The latest instalment of the PFA’s podcast, Footballers’ Voice, is live on your favourite podcasting platform.

The third episode explores three unique and fascinating players stories relating to the PFA’s work in player representation.  

One of the central pillars of the PFA’s work, player representation, is an often overlooked and rarely fully appreciated by Australia’s footballing public.

The PFA has represented hundreds of players in contract dispute resolution, helping many out of challenging personal and career contract situations in countries all over the world.

Between 2016 and 2019, the PFA recovered over $12m in outstanding player wages and have opened over 400 cases on behalf of Aussie players through its representation work on behalf of players.

Now, more than ever before, players are relying on the PFA’s representation and advocacy to navigate the fallout from COVID-19.

In this episode, three footballers share their own stories of turbulent times overseas and how the PFA’s player representation network helped them out of those situations.

Ante Bakmaz, a 28-year-old Australian defender who has been plying his trade in Indonesia for the past two seasons, had to quickly react to the evolving situation in the Southeast Asian country following the spread of coronavirus.

He was hastily encouraged by the PFA to escape the country to avoid being caught up in the looming health crisis.

“I went from, in the morning, having the mentality [that] I was going to stay in Indonesia, to, that night, freaking out,” Bakmaz describes a chaotic 48-hour period where he decided to leave Indonesia on Footballers’ Voice.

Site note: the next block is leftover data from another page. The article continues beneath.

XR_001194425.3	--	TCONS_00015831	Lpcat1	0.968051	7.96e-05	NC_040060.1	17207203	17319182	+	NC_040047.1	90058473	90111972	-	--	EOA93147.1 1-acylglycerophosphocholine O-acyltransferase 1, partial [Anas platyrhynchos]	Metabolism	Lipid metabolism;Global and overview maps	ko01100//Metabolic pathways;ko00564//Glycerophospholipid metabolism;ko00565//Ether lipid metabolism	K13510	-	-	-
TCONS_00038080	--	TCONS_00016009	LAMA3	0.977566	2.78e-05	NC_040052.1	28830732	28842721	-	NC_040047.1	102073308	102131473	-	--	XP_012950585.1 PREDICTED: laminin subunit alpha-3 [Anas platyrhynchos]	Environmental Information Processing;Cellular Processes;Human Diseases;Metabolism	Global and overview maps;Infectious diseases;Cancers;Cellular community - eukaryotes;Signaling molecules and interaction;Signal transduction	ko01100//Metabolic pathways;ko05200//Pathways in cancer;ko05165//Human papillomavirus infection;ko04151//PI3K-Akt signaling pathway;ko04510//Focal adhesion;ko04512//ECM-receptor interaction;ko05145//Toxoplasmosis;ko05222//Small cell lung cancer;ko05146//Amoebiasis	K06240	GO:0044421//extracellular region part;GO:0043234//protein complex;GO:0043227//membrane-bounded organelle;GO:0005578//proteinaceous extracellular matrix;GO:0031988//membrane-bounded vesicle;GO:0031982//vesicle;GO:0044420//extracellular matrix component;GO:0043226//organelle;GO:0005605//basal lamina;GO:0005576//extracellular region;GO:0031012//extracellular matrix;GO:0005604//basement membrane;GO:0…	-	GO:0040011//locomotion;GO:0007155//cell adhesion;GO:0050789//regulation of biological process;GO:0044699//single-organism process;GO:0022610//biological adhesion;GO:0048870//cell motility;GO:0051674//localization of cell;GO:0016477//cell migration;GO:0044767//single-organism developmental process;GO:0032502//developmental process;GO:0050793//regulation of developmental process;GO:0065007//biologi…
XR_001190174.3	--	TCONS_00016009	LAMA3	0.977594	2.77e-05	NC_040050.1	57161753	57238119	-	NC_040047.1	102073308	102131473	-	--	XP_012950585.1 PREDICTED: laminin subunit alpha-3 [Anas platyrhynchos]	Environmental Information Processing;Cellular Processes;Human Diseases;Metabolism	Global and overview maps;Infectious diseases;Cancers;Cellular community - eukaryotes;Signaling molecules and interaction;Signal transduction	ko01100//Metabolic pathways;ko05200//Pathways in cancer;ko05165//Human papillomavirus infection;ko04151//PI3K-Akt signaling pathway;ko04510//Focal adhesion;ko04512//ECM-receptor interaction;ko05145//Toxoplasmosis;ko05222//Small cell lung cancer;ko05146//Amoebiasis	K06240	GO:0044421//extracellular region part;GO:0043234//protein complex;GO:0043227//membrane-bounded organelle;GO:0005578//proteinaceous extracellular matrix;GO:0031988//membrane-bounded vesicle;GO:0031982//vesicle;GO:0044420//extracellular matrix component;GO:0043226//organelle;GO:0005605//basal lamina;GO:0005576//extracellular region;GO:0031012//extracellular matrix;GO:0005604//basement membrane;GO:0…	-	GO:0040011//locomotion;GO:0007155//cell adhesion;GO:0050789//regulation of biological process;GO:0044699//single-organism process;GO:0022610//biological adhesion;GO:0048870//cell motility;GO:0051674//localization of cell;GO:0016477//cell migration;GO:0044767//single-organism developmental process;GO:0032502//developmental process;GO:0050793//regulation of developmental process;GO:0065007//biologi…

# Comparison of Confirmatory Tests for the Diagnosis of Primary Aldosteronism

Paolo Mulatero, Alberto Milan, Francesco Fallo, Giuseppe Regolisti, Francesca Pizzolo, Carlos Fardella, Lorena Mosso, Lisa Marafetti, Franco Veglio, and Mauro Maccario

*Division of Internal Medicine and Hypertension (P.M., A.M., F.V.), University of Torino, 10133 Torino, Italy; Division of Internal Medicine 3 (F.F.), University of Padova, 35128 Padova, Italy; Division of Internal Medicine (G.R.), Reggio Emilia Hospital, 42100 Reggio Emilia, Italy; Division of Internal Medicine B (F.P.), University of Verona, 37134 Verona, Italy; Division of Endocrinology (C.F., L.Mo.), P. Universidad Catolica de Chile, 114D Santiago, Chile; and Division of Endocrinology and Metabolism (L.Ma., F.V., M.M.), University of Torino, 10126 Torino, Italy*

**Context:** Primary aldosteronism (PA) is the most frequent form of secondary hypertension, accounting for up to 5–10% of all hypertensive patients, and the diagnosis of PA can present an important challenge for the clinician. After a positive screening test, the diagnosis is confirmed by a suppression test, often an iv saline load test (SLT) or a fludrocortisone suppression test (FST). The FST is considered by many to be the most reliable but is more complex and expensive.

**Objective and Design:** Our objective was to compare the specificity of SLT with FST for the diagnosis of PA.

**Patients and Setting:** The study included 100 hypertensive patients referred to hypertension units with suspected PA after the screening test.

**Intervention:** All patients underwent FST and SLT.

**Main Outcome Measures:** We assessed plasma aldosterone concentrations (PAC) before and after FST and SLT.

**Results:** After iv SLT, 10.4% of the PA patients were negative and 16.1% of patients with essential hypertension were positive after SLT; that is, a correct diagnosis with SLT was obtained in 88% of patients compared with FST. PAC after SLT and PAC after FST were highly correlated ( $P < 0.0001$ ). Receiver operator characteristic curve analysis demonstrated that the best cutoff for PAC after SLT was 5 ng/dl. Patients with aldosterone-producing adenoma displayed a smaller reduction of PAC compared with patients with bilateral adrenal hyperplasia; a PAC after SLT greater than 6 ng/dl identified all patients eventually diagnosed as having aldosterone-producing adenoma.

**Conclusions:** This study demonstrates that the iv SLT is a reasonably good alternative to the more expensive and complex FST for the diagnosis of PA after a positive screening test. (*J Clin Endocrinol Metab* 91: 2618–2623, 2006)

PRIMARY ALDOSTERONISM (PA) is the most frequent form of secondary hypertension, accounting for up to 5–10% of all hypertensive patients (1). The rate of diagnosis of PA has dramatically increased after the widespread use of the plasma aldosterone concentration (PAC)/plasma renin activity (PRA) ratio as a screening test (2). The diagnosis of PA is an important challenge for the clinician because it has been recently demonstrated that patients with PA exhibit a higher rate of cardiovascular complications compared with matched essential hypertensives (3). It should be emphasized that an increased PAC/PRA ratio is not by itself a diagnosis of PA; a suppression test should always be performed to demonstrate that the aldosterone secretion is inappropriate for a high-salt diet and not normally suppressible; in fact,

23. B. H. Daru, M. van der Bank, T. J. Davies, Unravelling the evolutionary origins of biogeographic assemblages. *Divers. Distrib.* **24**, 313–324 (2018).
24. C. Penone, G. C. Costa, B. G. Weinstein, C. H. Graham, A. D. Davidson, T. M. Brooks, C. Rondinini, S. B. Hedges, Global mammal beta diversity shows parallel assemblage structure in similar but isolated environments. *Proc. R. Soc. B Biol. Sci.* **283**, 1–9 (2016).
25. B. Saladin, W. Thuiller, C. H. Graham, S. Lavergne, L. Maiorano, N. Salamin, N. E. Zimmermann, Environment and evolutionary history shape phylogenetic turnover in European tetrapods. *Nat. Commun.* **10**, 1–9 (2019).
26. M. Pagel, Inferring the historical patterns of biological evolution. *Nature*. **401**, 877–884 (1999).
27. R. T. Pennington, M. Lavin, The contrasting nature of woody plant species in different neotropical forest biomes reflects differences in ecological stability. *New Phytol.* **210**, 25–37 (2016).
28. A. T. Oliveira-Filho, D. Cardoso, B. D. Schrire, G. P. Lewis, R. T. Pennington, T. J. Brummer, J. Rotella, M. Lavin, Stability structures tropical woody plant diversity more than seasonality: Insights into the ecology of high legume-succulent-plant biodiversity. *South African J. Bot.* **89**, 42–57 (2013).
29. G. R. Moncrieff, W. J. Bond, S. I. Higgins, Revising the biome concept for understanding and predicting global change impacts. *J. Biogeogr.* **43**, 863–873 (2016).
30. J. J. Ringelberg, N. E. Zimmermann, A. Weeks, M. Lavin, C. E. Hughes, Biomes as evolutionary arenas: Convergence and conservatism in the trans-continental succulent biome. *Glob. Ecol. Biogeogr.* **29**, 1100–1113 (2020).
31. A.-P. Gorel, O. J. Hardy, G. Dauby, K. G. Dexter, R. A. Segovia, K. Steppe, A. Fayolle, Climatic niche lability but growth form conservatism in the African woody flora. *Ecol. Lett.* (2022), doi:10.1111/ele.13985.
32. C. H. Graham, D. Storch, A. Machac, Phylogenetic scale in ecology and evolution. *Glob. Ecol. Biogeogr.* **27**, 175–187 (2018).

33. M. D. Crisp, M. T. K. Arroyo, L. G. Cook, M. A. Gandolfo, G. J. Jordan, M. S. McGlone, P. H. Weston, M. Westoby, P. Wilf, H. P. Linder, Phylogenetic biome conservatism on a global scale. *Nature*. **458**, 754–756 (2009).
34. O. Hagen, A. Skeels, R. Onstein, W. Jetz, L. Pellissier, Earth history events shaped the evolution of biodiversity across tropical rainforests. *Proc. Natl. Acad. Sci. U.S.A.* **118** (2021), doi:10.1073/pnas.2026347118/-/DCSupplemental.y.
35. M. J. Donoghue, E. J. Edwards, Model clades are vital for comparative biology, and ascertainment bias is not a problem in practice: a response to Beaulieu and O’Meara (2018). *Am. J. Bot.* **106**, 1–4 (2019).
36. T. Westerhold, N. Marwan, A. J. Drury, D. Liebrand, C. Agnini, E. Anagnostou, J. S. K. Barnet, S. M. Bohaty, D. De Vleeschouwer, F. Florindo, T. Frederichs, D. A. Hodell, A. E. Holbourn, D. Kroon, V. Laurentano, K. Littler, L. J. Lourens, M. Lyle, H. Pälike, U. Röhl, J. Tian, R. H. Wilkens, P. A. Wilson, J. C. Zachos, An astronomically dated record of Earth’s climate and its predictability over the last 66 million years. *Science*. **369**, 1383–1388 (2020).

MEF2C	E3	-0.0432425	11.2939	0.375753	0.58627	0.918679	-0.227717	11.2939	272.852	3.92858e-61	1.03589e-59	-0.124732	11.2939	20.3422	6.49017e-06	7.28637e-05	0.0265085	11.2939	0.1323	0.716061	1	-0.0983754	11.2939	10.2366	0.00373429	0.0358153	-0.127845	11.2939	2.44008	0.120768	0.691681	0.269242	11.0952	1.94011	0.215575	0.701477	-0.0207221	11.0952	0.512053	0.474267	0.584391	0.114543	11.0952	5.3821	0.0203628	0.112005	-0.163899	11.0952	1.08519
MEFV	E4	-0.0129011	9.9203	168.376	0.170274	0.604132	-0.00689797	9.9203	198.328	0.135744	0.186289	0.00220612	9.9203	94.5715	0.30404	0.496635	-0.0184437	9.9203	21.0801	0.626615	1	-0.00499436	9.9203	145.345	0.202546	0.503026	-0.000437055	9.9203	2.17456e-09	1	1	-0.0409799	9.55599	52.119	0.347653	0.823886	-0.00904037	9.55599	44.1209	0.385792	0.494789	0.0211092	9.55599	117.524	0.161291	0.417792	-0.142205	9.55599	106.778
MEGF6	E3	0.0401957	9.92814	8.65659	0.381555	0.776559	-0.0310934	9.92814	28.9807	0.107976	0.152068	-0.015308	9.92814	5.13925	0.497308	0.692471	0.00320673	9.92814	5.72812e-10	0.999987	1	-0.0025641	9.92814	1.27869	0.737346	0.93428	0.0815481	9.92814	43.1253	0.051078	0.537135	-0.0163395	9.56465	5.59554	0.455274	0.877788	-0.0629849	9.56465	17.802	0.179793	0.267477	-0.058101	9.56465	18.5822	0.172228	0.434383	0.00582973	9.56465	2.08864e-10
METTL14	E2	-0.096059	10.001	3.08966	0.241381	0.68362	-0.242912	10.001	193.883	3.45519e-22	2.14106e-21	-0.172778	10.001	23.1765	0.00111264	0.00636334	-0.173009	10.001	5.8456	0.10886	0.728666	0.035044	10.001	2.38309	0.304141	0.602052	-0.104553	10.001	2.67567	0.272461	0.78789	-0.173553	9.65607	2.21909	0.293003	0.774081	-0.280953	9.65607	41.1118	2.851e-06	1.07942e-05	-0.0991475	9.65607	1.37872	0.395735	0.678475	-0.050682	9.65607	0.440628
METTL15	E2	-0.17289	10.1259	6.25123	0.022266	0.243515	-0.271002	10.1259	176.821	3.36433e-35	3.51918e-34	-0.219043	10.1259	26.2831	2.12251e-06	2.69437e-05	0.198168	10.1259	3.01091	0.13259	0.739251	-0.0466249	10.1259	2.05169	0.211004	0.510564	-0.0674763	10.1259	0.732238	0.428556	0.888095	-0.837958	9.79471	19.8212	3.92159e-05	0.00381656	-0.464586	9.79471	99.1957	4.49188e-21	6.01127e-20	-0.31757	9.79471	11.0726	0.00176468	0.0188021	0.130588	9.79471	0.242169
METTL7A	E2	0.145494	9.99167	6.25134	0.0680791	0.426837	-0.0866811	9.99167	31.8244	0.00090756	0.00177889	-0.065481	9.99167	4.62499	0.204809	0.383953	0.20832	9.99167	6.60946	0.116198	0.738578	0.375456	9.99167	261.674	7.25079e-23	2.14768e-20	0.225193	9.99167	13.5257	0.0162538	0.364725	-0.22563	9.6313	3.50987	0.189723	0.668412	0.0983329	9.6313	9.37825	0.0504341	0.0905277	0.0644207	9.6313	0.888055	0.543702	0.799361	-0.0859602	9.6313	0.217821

“There were not many flights from Jakarta to Sydney. I needed to go as soon as possible…. It probably only hit me in the second or third day in quarantine [back in Australia]… You realise you were willing to accept your fate to stay in Indonesia. And now when I’m looking back on the news in Indonesia, they’re saying that half the population is at risk.”

Former A-League midfielder Brent Griffiths speaks about his challenging contract dispute in Asia. A few years ago, Griffiths made the decision to broaden his footballing horizons, but instead of finding the grass greener, he discovered a toxic situation. In sharing his story he hopes it will help players in the future think twice before singing on the dotted line.

“Where it went wrong was that I had a bad agent; two bad agents that were involved in this situation that I trusted to basically fulfil the contract and that they said was a sure thing,” Griffiths said.

“I’m not naive enough to know that in football in Asia there is no such thing as a sure thing.”

Finally, A-League star Mark Bridge shares the shocking story of his time with Chiangrai United in the Thai Premier League when the club used bully tactics to try to force him to terminate his contract.

“I mean, it happens all over the world in football… [the club] try and make the player leave. And it’s unfortunate. It’s poor form. It’s terrible. It definitely has no place in sport, especially here. But it happens.”

Subscribe and listen to episode 3 of the Footballers’ Voice via SpotifyApple and Google podcasts, or click play below.